se hace camino al andar. you make your own path as you walk.
Al andar se hace el camino, As you walk, you make your own road,
y al volver la vista atrás and when you look back
se ve la senda que nunca you see the path
se ha de volver a pisar. you will never travel again.
Caminante, no hay camino Traveler, there is no road;
sino estelas en la mar.” only a ship's wake on the sea.”
Most Recently, Parker Palmer, a Philadelphia Quaker (born 1939) looking back many decades noticed how confused and lost he was in his 20’s. In his 30’s one mentor came into his life for a while, then moved on once. Parker had learned what his mentor had to give him.
Another mentor appeared and ask him different questions but so right in that moment. Again this mentor deepened Parker’s sense of who he was becoming. With this new clarity the mentor invited Parker into a new direction, a new path. One after another they arrived and left. And then there were no more. He realized his leading was to become a mentor for other young men who were as lost and confused as he had been.
David Whyte gives us the pivotal question. Where do I start?
The ground you know,
The pale ground
Beneath your feet…
Start with the first
You don’t want to take.
Don’t take the second step
Or the third,
Start with the first thing
The step you don’t want to take”
Our paths, like mentors, can guide us so far, and then disappear.
Santiago by David Whyte
“The road seen,
then not seen,
the hillside hiding
the way you should take…”
You will be drawn to one work of art in this exhibit.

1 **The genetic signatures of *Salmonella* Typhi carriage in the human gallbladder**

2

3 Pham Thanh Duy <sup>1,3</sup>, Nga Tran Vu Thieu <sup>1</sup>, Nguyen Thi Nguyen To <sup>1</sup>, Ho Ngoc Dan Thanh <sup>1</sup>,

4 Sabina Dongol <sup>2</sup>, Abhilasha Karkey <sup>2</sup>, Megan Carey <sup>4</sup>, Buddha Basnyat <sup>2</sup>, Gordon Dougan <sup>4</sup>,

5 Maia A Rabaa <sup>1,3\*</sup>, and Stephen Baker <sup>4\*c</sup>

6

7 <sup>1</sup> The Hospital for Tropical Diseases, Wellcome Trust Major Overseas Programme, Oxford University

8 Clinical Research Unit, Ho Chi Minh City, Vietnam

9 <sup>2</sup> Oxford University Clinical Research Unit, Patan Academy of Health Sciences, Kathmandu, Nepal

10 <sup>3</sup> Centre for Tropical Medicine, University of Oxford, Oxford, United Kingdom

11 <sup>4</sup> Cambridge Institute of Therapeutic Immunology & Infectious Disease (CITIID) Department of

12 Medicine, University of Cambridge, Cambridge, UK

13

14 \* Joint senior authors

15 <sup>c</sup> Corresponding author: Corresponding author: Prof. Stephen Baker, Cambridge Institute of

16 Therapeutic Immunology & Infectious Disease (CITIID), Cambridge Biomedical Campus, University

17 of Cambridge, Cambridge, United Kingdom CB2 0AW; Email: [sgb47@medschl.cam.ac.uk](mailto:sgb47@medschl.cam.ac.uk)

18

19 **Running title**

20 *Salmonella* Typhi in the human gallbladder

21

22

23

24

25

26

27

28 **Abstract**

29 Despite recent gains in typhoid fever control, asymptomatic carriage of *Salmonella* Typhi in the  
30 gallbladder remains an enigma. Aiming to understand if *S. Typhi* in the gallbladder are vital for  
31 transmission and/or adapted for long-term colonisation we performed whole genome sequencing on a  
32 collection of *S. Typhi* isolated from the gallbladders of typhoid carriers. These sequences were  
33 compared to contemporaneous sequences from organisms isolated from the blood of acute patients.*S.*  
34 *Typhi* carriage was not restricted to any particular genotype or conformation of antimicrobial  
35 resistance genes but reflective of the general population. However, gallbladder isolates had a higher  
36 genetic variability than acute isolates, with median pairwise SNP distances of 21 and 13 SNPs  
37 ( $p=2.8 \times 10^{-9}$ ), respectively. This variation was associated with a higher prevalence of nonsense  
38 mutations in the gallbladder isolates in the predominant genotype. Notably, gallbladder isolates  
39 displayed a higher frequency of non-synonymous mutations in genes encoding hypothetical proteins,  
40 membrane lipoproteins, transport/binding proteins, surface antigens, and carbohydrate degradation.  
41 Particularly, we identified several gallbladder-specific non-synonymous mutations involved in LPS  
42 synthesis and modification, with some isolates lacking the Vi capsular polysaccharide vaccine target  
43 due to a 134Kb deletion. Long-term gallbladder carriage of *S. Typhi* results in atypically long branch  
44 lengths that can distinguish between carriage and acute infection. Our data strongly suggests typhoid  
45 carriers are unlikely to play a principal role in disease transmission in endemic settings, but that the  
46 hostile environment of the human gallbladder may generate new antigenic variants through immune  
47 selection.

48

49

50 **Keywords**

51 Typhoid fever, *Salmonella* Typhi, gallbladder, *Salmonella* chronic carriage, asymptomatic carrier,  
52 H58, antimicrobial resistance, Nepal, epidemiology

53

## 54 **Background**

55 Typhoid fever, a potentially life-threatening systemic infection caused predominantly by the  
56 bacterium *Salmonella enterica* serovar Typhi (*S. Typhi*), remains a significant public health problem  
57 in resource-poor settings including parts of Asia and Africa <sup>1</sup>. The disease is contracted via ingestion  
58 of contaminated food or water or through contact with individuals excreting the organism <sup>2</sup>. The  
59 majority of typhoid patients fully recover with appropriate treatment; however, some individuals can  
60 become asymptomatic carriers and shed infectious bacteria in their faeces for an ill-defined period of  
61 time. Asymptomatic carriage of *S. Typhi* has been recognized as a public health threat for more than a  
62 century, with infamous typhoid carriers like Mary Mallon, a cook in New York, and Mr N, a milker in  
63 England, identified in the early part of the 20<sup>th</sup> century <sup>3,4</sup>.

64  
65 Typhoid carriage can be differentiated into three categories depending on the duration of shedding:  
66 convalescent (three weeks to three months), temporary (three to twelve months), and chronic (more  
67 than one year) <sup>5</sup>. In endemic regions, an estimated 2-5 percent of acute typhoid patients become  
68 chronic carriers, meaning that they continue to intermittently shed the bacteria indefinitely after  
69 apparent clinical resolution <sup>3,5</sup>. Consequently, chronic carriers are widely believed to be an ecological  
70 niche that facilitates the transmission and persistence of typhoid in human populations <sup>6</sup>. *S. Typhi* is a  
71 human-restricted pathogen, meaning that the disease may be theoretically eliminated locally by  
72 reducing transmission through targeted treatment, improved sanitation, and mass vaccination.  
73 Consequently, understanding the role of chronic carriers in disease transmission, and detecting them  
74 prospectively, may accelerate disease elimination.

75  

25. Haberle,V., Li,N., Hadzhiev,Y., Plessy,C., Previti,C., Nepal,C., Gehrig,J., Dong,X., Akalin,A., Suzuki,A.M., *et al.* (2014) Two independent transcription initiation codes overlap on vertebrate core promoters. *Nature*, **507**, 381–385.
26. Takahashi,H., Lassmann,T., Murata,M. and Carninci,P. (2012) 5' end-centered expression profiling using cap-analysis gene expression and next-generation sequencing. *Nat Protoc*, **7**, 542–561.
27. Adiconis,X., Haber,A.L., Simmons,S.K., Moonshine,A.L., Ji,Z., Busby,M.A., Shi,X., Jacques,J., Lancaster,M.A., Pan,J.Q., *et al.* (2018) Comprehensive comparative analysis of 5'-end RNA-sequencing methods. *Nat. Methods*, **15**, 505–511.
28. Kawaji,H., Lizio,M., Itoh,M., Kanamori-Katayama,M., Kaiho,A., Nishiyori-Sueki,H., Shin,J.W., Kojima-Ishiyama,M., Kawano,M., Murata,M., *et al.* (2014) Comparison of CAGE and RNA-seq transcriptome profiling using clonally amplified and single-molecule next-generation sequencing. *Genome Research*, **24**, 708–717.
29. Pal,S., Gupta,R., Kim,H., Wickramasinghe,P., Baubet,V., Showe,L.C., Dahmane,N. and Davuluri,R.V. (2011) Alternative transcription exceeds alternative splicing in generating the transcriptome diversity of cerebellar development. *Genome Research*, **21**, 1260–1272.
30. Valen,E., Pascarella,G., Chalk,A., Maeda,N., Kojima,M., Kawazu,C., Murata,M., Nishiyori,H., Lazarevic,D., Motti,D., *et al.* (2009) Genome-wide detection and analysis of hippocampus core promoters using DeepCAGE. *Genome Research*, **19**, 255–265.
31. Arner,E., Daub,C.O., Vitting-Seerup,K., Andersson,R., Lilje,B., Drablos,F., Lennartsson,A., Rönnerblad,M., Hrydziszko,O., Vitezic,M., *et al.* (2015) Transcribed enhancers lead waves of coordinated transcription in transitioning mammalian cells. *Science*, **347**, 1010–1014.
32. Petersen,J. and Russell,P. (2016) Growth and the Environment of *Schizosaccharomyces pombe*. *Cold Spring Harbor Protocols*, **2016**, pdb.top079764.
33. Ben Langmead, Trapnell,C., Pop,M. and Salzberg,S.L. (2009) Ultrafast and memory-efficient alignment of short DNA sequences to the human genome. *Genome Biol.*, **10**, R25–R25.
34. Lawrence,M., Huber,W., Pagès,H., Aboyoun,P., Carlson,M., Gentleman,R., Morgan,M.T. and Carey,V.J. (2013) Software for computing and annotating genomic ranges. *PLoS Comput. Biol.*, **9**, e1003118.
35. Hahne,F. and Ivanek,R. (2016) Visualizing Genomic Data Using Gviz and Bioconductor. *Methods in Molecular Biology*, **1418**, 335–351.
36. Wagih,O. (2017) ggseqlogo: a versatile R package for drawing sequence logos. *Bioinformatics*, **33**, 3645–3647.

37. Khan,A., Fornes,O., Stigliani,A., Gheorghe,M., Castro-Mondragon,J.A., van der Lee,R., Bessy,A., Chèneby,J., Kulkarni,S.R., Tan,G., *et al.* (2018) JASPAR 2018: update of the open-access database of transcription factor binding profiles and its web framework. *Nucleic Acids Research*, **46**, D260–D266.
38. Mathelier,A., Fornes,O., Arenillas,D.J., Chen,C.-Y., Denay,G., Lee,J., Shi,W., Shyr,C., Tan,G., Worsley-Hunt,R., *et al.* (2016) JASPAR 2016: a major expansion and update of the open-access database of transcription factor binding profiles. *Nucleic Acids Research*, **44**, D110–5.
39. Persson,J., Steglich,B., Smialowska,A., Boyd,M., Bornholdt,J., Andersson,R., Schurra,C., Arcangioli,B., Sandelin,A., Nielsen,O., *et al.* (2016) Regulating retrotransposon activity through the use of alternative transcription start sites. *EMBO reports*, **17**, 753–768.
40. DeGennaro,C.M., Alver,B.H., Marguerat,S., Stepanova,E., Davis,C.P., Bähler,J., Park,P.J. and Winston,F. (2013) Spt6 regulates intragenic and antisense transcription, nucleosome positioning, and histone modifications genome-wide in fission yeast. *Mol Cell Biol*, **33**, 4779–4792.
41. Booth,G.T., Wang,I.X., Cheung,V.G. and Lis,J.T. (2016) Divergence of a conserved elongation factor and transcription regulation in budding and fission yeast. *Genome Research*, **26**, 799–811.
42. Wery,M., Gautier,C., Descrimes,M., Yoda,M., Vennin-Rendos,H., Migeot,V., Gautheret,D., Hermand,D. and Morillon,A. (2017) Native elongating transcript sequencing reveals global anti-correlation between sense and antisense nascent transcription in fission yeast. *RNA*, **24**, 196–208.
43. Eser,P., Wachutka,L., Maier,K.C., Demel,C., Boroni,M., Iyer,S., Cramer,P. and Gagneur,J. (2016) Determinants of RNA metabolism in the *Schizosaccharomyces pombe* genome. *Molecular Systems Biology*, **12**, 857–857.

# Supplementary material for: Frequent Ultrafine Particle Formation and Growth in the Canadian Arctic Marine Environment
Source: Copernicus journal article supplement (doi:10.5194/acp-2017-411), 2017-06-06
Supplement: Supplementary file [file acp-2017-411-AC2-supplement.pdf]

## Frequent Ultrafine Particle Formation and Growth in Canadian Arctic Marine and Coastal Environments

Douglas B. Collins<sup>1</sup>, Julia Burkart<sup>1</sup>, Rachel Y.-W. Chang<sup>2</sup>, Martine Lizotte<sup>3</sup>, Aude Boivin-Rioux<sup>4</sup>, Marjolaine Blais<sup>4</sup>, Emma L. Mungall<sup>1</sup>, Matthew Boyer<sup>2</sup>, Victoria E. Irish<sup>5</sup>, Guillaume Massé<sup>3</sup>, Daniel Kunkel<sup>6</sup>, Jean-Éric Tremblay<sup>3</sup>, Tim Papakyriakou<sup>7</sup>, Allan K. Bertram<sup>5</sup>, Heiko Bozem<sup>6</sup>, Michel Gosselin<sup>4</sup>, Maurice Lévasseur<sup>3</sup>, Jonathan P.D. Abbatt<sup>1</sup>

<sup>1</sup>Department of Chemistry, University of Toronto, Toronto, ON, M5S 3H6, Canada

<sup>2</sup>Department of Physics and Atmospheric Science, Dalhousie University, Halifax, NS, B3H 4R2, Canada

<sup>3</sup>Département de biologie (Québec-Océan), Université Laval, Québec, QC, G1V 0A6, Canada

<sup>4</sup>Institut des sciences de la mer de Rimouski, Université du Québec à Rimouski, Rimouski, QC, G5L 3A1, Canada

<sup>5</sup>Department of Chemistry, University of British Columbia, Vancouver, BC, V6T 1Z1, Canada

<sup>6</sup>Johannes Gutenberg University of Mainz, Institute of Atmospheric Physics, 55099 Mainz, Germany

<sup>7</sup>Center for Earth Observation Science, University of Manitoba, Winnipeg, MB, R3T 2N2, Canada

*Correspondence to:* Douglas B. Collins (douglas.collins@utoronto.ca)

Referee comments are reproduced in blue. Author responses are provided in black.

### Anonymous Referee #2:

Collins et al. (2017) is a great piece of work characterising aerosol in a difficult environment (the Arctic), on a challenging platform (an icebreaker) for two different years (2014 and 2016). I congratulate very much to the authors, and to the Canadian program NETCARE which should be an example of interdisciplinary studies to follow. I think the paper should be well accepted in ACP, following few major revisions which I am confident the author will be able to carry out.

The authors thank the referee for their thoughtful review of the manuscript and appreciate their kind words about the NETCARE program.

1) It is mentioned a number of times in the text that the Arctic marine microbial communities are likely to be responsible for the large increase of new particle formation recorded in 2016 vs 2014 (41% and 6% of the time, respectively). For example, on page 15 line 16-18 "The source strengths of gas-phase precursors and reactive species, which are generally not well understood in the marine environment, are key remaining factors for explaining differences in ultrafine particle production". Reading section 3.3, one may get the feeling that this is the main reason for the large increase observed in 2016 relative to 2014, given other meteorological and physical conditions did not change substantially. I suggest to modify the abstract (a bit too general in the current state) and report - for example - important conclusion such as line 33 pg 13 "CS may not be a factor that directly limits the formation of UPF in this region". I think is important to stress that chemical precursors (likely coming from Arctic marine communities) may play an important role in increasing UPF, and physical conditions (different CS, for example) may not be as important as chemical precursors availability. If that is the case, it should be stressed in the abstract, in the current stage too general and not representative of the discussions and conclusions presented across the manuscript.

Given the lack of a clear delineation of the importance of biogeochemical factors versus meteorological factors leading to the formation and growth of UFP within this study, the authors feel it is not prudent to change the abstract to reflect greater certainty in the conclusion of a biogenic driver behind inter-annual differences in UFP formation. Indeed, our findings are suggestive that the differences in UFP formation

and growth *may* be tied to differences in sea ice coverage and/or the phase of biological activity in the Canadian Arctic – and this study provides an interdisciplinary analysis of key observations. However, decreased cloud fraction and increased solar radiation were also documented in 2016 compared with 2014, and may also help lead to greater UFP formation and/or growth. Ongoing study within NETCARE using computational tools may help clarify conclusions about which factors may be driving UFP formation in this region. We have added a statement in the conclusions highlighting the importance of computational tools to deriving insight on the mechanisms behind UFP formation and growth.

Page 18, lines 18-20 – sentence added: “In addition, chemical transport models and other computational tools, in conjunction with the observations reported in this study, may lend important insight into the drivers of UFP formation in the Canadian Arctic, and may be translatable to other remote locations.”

What path or memory is evoked as you contemplate this work?
How they do change over a lifetime
and yet so deep within
our fascinations are us.
My fascinations with the tiny
Have led me into new worlds of beauty and wonder.
And languages I did not know;
Palmer Amarantha, Nutledge, Basidiolichen,
My First Fascination
A child’s bare feet walking on the wet sand
I scan through this clear water for a Lucky Stone,
Floating and rolling along at my feet,
Ancient, ageless remnants of the ear bone of the white fish,
A stone of remembrance of another life of Erie,
Inscribed with a large “L.”
Reaching over to catch this floating wonder
I become connected to the ancient life that lived and lives
I enter a body of life
Far larger and other than me
To which, I belong.
Finding two lucky stones in one morning
Brought me such joy and contentment,
I do belong
To the enduring life of this Great Lake.
Looking north across the Lake
her horizon disappears
Dropping out of sight as the Earth curves round
Gifting me with wonder.
Oh, the unseen beauty and mysteries of
This Great Lake,
An extinct word for Iroquoian peoples
Who lived and walked the wet sands
My beginning to a life of fascination,
And all I did was stand still
In the wet sand where moving waters
Were giving up their strength on the sand
Then falling back
Returning to their home,
All I did was stand still
Gazing at the far side of home,
Then turning back
To the here of this wet sand.
Do you long to stand still
on this Earth?
Do you yearn for the wandering,
0f the Lucky Stone?
©2018 John Holliger